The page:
U.S. flag

An official website of the United States government, Department of Justice.

NCJRS Virtual Library

The Virtual Library houses over 235,000 criminal justice resources, including all known OJP works.
Click here to search the NCJRS Virtual Library

Understanding Non-compliance in the Marine Environment

NCJ Number
Russell G. Smith; Katherine Anderson
Date Published
May 2004
6 pages
This article examines criminal activity occurring in marine environments, with a focus on the Great Barrier Reef, and explores appropriate regulatory responses.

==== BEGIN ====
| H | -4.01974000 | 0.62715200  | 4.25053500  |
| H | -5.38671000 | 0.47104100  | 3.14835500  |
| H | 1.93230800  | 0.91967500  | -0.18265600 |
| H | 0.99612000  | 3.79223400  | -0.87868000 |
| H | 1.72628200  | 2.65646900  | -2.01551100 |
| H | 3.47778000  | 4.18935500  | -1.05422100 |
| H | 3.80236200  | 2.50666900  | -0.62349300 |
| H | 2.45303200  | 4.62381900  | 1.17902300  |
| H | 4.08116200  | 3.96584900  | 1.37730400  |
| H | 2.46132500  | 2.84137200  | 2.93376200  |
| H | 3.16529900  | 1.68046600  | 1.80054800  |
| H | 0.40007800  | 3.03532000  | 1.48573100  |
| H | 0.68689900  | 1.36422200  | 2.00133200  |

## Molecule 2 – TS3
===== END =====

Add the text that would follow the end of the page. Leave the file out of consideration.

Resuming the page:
Marine conservation standards have been codified by the United Nations in the Convention on the Law of the Sea (1982). Failure to abide by these standards threatens marine biodiversity, thus exploring how to better ensure compliance with marine conservation laws is an important task. The Great Barrier Reef Marine Park (GBRMP), the largest living organism in the world, is protected by a range of State, Commonwealth, and international laws, conventions, and agreements. These are upheld by the Great Barrier Reef Marine Park Authority (GBRMPA). The GBRMPA is divided into four groups, each of which is charged with reducing related criminal activities: (1) Conservation, Biodiversity, and World Heritage; (2) Water Quality and Coastal Development; (3) Fisheries; and (4) Tourism and Recreation. The types of criminal activities that fall under each category are enumerated and include illegal hunting or removal of threatened species under the Conservation, Biodiversity, and World Heritage group and marine pollution under the Fisheries group. Other types of criminal activities also occur in the GBRMP, crimes such as people smuggling, drug trafficking, interpersonal crimes of violence, and crimes against park agencies. The motivations for criminal activities in marine environments are considered and include financial rewards, increased business profits, lack of knowledge of regulations, and lack of understanding of the consequences of such activities. The highly regulated nature of marine environments offers many opportunities to break the law, especially when the area is too large for adequate regulation by guardian agencies such as the GBRMPA. A range of regulatory responses to criminal activities in marine environments are considered and include deterrence-based regulation, compliance-based regulation, and situational crime prevention. Recommendations for the improvement of compliance with the law in marine environments are offered, including public and business education of marine laws and coordination of regulatory efforts. References